How to improve security controls for a new era of cyber insurance

Our Identity Business Manager, Melissa Hardcastle explores the recent changes in cyber insurance, how they impact your organisation, and how to strengthen your cyber security strategy in response to the ever-evolving threat landscape.

Why is cyber insurance changing? 

The ever-changing cyber landscape combined with hybrid working has led to a rapid growth in cyber crime and external cyber threats, particularly ransomware.

In 2021, cyber attacks increased by 50% compared with 2020, a surge that most organisations hadn’t anticipated. The cost of cyber crime in escalating and ransomware is now the cause of 75% of all insurance claims, up from 55% in 2016.

Key points

+ Cyber insurance has always been a reliable safety net, but things are changing fast and insurance brokers are tightening security requirements. This means that organisations need to now implement stricter security controls than before, deploying multi-factor authentication and a least-privilege strategy.

+ High demand for pay outs is driving up insurance costs and altering the products offered by cyber insurance companies, including the scope of what they will and won’t cover. Some companies, such as AXA made an announcement in August 2021 that it would no longer pay ransom demands for future policy holders.


Before committing to a new or existing policy, be aware of what the changes look like and which types of attacks your cyber insurance policy will and won’t pay out for. 

Read more about the changing face of cyber insurance

The new cyber security controls you need to implement 

Cyber insurance companies now look for common security controls, such as:

  • Administrative privileges
  • Access management
  • Employee behaviour monitoring
  • Network segmentation
  • Malware defence


Key steps to meet the new cyber insurance requirements 

  1. Implement password management and automation: avoid storing credentials on Excel spreadsheets or in Word documents and relying on encryption to keep them secure
  2. Limit privileged access: implement a Privileged Remote Access tool to grant just-in-time access, for limited time periods compliance
  3. Protect privileged accounts: deploy a Privileged Access Management (PAM) tool to manage privileged account access, including credential rotation, session monitoring, and auditing capabilities
  4. Deploy multi-factor authentication: this allows you to security check access before granting it to confirm identities
  5. Education and training: your employees are the most likely way a cyber criminal will find their way into your systems. Implement regular training to make employees aware of how to spot a social engineering or phishing attack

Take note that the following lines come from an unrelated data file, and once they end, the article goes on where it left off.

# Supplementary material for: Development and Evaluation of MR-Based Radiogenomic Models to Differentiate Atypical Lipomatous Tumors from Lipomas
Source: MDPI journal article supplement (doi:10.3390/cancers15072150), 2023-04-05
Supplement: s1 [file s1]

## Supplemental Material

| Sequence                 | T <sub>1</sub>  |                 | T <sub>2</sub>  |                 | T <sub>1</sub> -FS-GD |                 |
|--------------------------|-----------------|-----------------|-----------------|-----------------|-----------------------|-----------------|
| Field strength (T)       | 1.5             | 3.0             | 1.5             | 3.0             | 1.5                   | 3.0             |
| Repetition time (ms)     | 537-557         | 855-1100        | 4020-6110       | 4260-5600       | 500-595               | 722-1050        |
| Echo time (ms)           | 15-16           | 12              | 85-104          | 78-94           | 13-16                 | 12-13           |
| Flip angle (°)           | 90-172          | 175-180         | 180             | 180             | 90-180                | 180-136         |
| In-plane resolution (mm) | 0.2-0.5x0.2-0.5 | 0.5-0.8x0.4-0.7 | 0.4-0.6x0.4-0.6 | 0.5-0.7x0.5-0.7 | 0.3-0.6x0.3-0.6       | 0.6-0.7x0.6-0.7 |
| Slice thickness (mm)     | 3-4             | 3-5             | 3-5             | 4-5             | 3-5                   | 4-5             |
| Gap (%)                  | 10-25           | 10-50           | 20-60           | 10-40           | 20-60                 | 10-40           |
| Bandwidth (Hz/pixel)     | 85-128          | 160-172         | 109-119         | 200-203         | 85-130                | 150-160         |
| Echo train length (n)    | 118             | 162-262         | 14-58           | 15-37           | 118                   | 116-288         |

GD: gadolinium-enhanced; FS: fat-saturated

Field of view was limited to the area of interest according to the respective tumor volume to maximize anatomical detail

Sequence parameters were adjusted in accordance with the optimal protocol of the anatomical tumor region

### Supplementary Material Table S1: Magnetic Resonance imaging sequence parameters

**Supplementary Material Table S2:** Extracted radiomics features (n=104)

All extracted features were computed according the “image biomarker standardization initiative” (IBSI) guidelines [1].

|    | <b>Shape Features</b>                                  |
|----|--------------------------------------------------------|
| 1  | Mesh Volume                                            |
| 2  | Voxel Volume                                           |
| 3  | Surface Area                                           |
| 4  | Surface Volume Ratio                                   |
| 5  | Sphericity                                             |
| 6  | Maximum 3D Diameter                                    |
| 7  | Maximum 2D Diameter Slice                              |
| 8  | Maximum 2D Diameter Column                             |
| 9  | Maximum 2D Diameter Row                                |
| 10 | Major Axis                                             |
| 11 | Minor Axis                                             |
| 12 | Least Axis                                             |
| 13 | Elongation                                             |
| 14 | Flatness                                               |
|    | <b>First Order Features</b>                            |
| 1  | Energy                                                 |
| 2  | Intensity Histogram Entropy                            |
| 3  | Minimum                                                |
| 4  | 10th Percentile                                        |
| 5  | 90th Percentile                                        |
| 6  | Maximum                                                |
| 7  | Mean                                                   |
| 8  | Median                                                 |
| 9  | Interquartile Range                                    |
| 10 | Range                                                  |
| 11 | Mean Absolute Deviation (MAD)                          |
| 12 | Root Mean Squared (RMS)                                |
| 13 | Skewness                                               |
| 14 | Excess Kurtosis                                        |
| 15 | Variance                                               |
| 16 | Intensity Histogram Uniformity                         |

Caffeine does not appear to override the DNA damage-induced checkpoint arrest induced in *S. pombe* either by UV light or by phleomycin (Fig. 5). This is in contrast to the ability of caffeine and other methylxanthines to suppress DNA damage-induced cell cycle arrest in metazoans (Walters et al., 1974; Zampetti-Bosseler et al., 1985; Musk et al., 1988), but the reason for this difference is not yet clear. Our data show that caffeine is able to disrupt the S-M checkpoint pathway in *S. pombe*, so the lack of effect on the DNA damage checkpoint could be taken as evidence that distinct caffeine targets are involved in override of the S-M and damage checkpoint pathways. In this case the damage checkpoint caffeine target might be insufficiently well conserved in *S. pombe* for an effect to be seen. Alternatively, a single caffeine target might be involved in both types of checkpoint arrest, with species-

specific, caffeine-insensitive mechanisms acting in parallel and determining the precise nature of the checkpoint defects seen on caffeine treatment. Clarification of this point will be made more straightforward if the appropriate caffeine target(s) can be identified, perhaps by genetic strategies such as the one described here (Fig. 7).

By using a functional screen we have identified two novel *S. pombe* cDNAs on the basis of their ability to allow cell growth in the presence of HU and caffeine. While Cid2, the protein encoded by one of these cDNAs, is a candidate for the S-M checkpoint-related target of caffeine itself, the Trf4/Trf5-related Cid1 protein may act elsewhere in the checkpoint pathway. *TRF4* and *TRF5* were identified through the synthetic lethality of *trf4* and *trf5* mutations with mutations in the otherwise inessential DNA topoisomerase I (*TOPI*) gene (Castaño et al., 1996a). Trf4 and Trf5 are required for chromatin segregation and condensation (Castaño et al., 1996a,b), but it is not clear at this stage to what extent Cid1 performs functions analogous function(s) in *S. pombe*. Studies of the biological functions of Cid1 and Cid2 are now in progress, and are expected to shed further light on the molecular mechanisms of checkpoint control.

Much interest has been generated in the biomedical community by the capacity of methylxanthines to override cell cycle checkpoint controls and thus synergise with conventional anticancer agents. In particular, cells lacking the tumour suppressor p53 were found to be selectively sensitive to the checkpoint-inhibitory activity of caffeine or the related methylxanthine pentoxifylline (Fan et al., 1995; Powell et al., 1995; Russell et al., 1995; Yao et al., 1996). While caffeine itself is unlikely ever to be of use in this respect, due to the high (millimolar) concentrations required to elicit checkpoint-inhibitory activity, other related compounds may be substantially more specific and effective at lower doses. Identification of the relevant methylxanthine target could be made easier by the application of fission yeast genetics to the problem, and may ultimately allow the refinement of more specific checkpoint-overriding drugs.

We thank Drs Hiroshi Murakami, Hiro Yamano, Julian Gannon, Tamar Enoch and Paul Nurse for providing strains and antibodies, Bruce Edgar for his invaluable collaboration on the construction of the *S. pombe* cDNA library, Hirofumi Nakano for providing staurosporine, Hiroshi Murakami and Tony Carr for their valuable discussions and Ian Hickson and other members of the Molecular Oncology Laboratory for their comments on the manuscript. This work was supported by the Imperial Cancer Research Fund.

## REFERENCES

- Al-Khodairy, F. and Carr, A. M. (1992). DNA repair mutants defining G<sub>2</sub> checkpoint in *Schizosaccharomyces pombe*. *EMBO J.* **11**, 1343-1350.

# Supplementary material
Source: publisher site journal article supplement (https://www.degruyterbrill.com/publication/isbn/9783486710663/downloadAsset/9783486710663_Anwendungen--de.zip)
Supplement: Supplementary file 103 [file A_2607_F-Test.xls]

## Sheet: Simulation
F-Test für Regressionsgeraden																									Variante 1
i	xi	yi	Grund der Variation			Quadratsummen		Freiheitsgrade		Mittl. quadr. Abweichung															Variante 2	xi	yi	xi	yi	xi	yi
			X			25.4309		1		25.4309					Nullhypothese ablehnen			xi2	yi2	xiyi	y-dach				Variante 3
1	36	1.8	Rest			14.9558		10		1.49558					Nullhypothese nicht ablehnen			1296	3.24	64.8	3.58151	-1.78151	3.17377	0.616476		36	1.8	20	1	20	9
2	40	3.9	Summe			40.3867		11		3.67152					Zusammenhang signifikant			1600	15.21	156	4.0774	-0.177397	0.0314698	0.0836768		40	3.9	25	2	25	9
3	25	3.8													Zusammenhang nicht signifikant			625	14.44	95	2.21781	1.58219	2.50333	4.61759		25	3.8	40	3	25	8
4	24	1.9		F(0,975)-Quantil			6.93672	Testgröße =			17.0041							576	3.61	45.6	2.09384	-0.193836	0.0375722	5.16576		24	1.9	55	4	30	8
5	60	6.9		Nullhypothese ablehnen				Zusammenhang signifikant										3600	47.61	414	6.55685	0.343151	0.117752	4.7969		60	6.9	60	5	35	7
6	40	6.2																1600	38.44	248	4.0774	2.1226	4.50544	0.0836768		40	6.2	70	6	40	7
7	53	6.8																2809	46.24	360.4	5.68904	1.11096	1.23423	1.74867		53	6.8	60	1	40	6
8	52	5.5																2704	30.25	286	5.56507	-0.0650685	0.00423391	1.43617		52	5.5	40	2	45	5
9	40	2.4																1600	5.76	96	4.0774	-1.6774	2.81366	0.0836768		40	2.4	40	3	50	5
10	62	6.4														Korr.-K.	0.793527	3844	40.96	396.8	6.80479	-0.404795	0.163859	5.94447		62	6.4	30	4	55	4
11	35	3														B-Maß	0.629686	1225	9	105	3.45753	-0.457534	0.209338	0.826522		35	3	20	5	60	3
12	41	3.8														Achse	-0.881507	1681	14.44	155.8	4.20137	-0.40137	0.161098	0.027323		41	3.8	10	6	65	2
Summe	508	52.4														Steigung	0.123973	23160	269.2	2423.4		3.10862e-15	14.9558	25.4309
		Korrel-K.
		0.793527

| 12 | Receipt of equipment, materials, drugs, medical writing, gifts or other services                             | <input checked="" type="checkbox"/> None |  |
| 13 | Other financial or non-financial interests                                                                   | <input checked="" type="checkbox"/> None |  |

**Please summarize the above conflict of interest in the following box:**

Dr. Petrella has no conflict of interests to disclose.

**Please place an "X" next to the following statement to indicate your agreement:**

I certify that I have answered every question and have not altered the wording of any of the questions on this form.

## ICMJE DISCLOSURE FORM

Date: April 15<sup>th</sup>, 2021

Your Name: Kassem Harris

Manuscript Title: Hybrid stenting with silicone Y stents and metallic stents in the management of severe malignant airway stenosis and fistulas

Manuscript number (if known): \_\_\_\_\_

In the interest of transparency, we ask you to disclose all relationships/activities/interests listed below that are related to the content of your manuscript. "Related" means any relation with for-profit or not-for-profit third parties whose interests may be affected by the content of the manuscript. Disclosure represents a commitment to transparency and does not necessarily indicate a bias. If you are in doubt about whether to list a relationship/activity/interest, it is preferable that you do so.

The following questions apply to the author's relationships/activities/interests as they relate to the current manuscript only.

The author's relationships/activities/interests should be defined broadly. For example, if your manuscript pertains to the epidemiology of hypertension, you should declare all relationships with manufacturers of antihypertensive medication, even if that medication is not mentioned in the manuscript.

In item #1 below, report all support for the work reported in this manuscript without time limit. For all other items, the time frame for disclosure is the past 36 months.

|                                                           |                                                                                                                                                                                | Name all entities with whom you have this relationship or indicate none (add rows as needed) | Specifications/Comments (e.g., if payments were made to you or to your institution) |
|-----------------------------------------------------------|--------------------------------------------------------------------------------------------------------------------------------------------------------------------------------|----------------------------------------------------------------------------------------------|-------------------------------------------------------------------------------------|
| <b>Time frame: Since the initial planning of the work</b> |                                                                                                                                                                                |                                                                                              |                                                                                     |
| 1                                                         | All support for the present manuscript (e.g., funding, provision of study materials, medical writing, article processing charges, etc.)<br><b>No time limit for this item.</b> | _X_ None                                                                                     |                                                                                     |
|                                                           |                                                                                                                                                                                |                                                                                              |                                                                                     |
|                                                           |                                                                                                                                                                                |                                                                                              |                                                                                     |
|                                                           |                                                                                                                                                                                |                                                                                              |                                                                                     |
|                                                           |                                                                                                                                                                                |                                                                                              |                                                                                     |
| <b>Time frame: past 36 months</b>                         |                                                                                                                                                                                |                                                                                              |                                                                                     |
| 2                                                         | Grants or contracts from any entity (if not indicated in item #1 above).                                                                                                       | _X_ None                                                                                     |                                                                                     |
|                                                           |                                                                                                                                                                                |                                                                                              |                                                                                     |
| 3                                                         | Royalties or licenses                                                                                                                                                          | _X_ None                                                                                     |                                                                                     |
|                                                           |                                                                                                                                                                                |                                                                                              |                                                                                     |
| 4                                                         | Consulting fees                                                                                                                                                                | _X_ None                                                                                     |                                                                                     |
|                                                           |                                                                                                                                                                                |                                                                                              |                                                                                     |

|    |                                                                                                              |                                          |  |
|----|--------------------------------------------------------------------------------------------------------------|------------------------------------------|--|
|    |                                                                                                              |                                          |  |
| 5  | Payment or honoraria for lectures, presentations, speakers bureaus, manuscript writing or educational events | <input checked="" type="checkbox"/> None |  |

How to plan for a cyber incident 

You can deploy every security tool available and always follow best practice, but as the threat landscape evolves, so do cyber criminals’ techniques. With cyber incidents, it’s always a case of ‘when’ rather than ‘if’ one will happen.

It’s important to create and implement a cyber security incident response plan (CSIRP) before a threat is detected. This approach will protect your organisation against the impacts of cyber attacks with a quick and effective reaction.

A basic incident response plan includes:

  • A list of key contacts
  • Escalation criteria
  • A flowchart or process map
  • At least one conference number

These plans should be created with a good understanding of the different roles within your organisation and include your business continuity and disaster recovery plans for each area, ensuring complete coverage and collaboration across all departments.

Follow our best practice advice to help prevent a security breach


How do you ensure rapid support in the event of an incident? 

Cyber security incidents require careful preparation, rapid response, and critical asset protection. Incident response retainers support organisations to get back to business as usual following a security incident. By deploying their own technologies to your environment, they also apply their frontline expertise to transform your cyber defence capabilities, mitigate threats, and reduce business risk – before, during, and after an incident or breach.


Talk to us about tightening your cyber security controls 

Our cyber security specialists will identify how strong your cyber security strategy is, identify weak spots, and spot opportunities to implement tougher cyber security controls.

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Melissa Hardcastle
Melissa Hardcastle

Melissa is Phoenix's in-house Identity Business Manager. Having spent over two years advising our public sector clients on all aspects of security solutions, Melissa has experience working with some of the leading security solutions on the market today. She continues to advise our customers about how Phoenix helps solve security challenges including identity, SOC, SIEM, and incident response.

See all posts by Melissa Hardcastle